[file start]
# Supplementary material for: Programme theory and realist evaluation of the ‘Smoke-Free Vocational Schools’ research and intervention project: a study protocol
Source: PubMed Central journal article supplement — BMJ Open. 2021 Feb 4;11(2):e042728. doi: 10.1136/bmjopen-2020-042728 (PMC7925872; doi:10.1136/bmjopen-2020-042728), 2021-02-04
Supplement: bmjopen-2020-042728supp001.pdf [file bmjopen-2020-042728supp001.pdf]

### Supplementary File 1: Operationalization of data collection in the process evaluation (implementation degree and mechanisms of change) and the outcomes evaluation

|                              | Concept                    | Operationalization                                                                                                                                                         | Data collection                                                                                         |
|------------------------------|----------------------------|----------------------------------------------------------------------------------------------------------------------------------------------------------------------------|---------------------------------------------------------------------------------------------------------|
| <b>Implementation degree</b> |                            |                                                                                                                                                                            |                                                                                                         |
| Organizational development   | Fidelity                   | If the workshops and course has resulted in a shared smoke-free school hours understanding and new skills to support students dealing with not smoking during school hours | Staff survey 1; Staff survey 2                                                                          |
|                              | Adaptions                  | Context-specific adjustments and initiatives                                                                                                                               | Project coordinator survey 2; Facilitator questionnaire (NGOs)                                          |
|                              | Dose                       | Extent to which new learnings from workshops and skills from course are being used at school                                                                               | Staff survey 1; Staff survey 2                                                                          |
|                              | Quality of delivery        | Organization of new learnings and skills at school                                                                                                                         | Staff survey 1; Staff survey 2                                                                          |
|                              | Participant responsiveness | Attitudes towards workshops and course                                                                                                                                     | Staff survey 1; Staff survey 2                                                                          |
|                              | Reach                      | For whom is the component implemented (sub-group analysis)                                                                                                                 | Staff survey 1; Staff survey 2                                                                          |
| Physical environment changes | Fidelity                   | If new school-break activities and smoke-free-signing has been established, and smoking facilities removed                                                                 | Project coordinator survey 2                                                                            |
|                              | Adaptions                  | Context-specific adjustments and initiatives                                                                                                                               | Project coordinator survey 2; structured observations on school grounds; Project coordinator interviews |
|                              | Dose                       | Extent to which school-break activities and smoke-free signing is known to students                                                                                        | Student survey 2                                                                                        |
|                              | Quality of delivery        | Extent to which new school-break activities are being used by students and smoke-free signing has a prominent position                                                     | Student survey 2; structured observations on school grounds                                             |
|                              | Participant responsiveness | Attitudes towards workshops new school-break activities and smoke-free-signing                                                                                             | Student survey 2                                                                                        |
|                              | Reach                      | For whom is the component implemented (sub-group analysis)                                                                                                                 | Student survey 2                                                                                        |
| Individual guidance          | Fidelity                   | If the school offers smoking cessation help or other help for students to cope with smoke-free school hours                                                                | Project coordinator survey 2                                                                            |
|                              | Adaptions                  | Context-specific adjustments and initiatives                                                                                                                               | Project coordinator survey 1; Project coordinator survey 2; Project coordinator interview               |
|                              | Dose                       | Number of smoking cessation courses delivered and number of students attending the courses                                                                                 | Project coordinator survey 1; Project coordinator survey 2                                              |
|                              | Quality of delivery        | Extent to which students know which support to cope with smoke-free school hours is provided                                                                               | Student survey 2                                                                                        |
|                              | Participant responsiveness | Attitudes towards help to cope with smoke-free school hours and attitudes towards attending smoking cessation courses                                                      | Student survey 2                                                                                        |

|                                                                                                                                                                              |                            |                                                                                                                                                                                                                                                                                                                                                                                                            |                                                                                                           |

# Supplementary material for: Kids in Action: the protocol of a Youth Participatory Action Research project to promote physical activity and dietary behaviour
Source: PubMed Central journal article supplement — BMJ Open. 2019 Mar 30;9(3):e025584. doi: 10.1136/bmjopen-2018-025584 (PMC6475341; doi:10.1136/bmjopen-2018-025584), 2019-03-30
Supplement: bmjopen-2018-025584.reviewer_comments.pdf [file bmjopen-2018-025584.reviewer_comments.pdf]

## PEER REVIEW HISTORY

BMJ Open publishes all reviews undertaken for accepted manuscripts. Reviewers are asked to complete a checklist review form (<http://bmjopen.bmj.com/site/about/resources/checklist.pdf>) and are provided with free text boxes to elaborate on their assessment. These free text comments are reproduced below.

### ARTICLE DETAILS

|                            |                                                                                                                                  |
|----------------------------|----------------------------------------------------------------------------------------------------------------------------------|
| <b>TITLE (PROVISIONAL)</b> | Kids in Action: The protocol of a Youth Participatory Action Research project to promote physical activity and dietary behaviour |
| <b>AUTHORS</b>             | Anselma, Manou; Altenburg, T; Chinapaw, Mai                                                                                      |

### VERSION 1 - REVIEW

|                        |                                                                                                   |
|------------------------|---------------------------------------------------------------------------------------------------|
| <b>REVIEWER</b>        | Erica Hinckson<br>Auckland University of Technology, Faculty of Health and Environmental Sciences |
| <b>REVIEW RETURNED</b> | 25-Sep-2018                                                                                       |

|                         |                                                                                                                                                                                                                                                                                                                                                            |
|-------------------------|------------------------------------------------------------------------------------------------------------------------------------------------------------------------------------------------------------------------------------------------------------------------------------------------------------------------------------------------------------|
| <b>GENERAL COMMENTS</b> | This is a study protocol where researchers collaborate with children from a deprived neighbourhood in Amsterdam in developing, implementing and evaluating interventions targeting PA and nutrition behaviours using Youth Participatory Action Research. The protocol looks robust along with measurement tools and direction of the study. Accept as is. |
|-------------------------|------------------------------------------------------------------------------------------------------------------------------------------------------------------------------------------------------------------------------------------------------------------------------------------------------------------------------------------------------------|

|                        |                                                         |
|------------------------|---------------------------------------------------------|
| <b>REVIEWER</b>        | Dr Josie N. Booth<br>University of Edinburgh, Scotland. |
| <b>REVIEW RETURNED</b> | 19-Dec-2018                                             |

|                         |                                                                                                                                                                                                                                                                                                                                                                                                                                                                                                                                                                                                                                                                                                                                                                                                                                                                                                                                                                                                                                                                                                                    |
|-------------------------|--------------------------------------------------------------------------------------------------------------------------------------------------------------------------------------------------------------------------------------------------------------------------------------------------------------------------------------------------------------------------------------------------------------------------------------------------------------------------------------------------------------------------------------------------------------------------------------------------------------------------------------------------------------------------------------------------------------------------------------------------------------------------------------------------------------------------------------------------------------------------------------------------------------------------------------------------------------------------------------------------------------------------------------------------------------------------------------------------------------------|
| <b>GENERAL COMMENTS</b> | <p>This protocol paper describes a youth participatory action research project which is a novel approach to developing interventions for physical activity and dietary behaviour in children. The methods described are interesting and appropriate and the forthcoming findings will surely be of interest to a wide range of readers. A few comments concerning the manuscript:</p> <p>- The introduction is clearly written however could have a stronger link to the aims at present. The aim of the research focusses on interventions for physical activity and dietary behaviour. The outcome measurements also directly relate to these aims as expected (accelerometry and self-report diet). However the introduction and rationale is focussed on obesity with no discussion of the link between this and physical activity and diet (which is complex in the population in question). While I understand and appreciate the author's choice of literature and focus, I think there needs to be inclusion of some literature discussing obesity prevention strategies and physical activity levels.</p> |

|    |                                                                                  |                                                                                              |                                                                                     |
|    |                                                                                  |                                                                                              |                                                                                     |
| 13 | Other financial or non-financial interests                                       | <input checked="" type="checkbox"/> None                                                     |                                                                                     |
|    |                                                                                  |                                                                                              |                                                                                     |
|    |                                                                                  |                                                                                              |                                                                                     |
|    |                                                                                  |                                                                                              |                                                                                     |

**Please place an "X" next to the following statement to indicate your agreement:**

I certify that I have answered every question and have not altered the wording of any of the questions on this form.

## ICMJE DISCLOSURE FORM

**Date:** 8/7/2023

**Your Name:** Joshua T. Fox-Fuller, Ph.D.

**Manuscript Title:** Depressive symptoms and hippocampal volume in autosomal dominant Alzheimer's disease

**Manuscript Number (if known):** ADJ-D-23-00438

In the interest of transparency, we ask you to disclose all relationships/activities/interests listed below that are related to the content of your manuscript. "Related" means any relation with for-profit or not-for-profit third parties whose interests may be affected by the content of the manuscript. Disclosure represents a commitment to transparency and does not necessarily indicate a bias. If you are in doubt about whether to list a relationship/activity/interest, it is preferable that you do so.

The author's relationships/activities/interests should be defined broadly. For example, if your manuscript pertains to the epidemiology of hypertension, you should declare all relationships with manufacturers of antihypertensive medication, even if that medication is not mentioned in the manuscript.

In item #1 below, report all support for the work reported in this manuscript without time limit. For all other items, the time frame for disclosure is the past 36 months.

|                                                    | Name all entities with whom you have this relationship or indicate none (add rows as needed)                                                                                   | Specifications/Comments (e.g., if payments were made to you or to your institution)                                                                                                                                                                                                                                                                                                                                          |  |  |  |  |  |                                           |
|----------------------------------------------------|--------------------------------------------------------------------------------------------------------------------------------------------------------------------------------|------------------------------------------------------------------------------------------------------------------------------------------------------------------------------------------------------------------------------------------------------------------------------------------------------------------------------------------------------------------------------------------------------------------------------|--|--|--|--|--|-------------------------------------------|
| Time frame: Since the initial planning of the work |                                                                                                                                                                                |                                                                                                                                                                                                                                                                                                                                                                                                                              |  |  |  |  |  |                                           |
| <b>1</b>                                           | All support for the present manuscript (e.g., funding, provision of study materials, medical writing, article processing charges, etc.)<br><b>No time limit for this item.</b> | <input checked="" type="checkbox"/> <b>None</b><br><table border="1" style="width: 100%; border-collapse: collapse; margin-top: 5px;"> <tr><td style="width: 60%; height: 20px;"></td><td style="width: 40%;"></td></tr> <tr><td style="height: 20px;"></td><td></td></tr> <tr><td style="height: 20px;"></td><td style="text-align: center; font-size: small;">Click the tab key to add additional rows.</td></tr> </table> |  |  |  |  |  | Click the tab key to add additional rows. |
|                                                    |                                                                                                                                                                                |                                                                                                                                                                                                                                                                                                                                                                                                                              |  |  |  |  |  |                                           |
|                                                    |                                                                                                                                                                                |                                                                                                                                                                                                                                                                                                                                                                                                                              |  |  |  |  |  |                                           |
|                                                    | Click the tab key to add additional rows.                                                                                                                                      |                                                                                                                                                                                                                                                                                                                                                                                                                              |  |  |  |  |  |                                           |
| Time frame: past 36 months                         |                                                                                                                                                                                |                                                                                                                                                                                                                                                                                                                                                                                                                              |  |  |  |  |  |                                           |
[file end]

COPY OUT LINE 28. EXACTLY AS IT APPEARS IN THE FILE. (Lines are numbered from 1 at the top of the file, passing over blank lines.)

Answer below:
Supplement: bmjopen-2018-025584.reviewer_comments.pdf [file bmjopen-2018-025584.reviewer_comments.pdf]